Seed Heads, Produce and the Hampton Hack

To start on a negative note this week, one of the jobs I loathe is dead heading sticky seed pods off plants such as Campanula, Petunia and Antirrhinum to name a few. Pinching the side shoots out of tomatoes also has a similarly uncomfortable feeling on my hands and yet these are just jobs you cannot accomplish wearing gloves.

I get in to trouble a lot in the summer for never wearing gloves. they are far to hot so I spend my evenings either trying to hide my dreadful looking work hands or frantically trying to remove all the thorns and prickles I managed to come across unsuspectingly. Ah well, I could be stuck in a sweltering office is what I try and remind myself.

So July already, the garden switches into actual summer mode, fruit is ripening, like these lushous looking red cuurants,

There is plenty of bounty to collect from Tomatoes, Peas, Rashishes and Leaves. The beans are making it to the top of the wigwams, with the canes soon to disappear once you have pinched the tops out.

This blistering or puckering found on all currants around this time is caused by Currant Blister Aphid. Pale yellow aphids can usually be found on the underneath of the leaves. Small attacks may look unsightly but rarely damage either the vigor or the fruiting of the plant itself. remover fallen leaves to try and prevent pests over wintering and remove badly infected leaves but spraying should not be necessary. When pruning next time try to create more airflow through the plant and it should help reduce the risk next year.

Tomato experiment update , The Peat Free Tomatoes do have flower trusses on them, but the plants look half the size still, leafyness wise, than those grown in multi purpose compost. They have all be fed the same dose of tomorite, once a week, yet clearly to grow in peat free compost a different feeding regime is needed to give plants an extra boost. I shall have to experiment with that for the rest of the summer and see if I can bring them on better.

There was an Interesting article in the guardian on Monday about hayfever and it being higher in some cities,due to a tendency to plant Male only trees as street trees. These have the advantage of less mess to clean up, as they do not bear fruit and ornate flowers all of which eventually drop to the street. However what they do produce is masses of pollen. Whilst suffering from hayfever is a horrid affliction  and knowing that you cannot stop pollen wafting into your garden from the surrounding air. What you can do, however, is to make sure you fill your garden full of plants that are insect pollinated and thus reduce a little of your suffering. Or at least not knowingly add to it.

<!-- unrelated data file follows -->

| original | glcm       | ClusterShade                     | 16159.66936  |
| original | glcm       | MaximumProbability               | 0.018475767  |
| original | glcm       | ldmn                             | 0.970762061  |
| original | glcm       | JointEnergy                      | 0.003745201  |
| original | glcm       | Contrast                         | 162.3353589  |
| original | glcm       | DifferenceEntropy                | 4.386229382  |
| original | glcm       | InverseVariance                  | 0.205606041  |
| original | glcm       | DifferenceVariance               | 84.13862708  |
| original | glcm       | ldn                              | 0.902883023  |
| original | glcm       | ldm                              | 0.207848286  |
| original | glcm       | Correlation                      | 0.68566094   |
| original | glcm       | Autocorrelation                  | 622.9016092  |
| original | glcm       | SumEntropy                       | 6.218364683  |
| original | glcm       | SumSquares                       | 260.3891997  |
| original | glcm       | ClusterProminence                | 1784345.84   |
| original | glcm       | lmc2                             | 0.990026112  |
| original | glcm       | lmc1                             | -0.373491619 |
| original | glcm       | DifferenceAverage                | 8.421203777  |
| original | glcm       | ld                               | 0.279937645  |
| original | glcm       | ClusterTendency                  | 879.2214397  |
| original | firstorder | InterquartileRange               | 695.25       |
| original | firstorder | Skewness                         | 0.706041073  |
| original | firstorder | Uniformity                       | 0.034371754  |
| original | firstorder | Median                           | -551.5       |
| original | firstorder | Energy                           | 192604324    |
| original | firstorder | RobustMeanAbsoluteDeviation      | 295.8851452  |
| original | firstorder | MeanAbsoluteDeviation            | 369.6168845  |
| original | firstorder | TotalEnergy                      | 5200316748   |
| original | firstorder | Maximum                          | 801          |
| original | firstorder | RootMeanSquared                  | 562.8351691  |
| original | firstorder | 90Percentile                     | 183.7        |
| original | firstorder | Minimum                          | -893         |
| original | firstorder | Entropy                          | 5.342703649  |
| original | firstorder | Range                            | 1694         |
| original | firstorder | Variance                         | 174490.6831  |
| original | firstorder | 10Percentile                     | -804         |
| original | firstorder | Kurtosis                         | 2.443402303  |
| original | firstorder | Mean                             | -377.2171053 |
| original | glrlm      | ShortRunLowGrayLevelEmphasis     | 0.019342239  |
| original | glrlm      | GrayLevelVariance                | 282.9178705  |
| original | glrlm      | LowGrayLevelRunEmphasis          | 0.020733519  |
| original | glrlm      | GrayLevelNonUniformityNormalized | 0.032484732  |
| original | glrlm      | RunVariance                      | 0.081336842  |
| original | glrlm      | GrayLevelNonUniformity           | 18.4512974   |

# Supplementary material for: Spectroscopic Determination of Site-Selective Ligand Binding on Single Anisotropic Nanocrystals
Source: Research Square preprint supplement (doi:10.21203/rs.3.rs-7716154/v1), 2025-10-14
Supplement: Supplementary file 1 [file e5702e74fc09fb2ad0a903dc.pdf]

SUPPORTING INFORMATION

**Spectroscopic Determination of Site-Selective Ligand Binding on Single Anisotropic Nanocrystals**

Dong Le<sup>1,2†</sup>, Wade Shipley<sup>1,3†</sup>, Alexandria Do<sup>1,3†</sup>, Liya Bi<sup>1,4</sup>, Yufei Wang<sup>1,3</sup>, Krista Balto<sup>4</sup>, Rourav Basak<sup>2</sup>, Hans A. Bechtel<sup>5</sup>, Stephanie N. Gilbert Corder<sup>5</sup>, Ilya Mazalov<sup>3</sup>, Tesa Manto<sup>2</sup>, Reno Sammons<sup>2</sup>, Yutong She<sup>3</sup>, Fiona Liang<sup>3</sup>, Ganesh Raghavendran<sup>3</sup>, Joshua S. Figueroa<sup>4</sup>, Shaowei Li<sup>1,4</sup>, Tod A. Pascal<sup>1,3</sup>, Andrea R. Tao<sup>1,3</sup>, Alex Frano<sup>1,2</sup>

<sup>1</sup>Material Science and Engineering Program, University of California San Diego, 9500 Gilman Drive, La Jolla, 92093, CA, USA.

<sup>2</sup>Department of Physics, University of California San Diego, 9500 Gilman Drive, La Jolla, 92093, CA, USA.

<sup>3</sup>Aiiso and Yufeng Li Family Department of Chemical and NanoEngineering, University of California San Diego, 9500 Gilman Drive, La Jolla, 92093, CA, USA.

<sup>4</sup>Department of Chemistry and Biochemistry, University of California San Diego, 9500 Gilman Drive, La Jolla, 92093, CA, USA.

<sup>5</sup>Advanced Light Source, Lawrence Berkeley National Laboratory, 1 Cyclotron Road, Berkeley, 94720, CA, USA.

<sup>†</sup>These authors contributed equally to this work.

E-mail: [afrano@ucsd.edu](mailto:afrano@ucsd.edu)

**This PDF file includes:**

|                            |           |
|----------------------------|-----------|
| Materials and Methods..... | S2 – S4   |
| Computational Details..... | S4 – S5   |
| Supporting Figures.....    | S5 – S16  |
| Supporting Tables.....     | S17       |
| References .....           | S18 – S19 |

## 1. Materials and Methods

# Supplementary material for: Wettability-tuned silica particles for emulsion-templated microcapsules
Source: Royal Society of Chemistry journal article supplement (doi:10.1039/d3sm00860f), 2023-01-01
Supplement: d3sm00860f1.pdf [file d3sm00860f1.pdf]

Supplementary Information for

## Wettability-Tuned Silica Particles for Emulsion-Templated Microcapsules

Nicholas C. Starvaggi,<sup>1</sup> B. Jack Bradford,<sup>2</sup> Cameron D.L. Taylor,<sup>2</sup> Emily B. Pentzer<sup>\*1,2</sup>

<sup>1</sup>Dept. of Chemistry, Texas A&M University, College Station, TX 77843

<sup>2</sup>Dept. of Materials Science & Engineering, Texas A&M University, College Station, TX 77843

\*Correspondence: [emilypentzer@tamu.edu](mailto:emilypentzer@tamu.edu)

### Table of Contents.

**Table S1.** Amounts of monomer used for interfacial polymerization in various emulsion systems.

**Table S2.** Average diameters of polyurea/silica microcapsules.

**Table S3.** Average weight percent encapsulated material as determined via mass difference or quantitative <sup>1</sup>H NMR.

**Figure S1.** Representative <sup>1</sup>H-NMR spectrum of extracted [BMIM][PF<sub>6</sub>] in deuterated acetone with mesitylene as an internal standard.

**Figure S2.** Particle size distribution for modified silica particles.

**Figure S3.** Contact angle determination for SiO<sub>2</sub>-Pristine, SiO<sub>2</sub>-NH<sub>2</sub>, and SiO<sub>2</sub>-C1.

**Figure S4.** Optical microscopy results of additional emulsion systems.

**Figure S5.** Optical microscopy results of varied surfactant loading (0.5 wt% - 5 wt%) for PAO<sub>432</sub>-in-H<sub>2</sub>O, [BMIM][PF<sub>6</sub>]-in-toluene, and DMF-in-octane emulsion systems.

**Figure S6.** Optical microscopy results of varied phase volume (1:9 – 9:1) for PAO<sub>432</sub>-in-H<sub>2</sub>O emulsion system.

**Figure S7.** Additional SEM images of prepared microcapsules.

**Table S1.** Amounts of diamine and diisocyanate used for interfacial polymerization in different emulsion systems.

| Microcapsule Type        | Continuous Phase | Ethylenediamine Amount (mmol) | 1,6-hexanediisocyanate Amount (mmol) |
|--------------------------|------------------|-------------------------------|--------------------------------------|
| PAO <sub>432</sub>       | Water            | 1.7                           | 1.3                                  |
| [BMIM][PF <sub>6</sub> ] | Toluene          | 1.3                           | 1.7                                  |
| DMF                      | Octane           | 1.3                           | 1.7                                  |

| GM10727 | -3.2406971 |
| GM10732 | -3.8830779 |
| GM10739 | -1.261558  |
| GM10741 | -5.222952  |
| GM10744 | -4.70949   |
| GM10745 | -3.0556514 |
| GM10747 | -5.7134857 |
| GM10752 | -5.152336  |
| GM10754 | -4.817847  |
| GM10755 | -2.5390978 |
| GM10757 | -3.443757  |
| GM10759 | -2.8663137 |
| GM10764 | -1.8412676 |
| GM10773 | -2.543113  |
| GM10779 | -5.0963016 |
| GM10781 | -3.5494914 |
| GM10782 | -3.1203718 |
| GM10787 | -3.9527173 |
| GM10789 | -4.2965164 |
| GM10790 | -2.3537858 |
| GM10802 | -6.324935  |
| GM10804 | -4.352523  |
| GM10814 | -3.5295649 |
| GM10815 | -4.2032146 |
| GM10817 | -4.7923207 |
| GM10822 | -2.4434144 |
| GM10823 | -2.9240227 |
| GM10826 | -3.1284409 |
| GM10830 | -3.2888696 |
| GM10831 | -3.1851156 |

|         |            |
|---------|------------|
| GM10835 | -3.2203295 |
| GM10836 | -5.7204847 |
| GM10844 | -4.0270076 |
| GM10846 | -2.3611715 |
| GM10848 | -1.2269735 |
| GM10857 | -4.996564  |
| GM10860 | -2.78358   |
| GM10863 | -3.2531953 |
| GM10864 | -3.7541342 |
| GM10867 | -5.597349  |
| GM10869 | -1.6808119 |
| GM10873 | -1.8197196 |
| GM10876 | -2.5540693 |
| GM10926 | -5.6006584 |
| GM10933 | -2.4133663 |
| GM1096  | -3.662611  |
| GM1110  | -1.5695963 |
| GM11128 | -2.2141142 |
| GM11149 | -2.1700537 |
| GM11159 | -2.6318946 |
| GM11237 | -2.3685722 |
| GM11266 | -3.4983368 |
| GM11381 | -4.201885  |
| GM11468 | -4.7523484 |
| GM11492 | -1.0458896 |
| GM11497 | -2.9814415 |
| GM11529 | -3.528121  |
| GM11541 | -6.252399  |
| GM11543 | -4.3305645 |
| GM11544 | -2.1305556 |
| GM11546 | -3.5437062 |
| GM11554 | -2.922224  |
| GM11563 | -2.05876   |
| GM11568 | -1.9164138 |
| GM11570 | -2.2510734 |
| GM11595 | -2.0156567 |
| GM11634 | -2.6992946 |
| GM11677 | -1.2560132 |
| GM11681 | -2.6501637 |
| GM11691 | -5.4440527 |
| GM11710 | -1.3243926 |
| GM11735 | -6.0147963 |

Seed heads. To cut or not to cut off. Ok confession time, I am addicted to seed heads. All shapes and sizes languish somewhere in spare corners of the house waiting for the time to be sprayed and used for decoration. I also leave some to look forlorn and yet beautiful, a remembrance of summers gone through the winter to come. There is plenty of time for later seedeads to be left but I always leave the alliums, annual poppies and some honesty to grace the winter garden. Choosing which to leave and when is tricky. All the Aquilegia and Geramium have gone from the garden. The aquilegia won’t come back this year but the geraniums might. Sometimes I leave an odd Peony seed head as they are fascinatingly alien looking but Lupins and Delphiniums I treat like geraniums in what some people term the ‘Hampton Hack’ showing allegiance to the ‘Chelsea Chop’ we covered a few weeks ago. Cut them down to the ground. Give them a feed and some water and you will be rewarded with more flowers. Simply cut off the flowering spikes back to the leaves and the plant will just sit there and produce only the odd mediocre flower. Fortune and flowers favour the brave.

Spirea that have finished flowering can also be hacked back now to reward you with a second flush of colourful new growth. Chives are also looking pretty sorry for themselves at this point and could do with cutting back to ground level to reshoot and flower again. Any thyme that has finished flowering to is ready for a hair cut with the shears to stop it going leggy. Lavender though is in full flourish and should just be left and enjoyed by both us and the wildlife.

Not sure there is much time to cover anything else today. Enjoy watching the Hampton Court and the Beth Chatto coverage and we will catch up again next week.Don’t forget to water, deadhead and feed. Happy Days in the Garden x

This pot full of Sempervirens made me chuckle this week as the flower spikes look like an alien peeking out !
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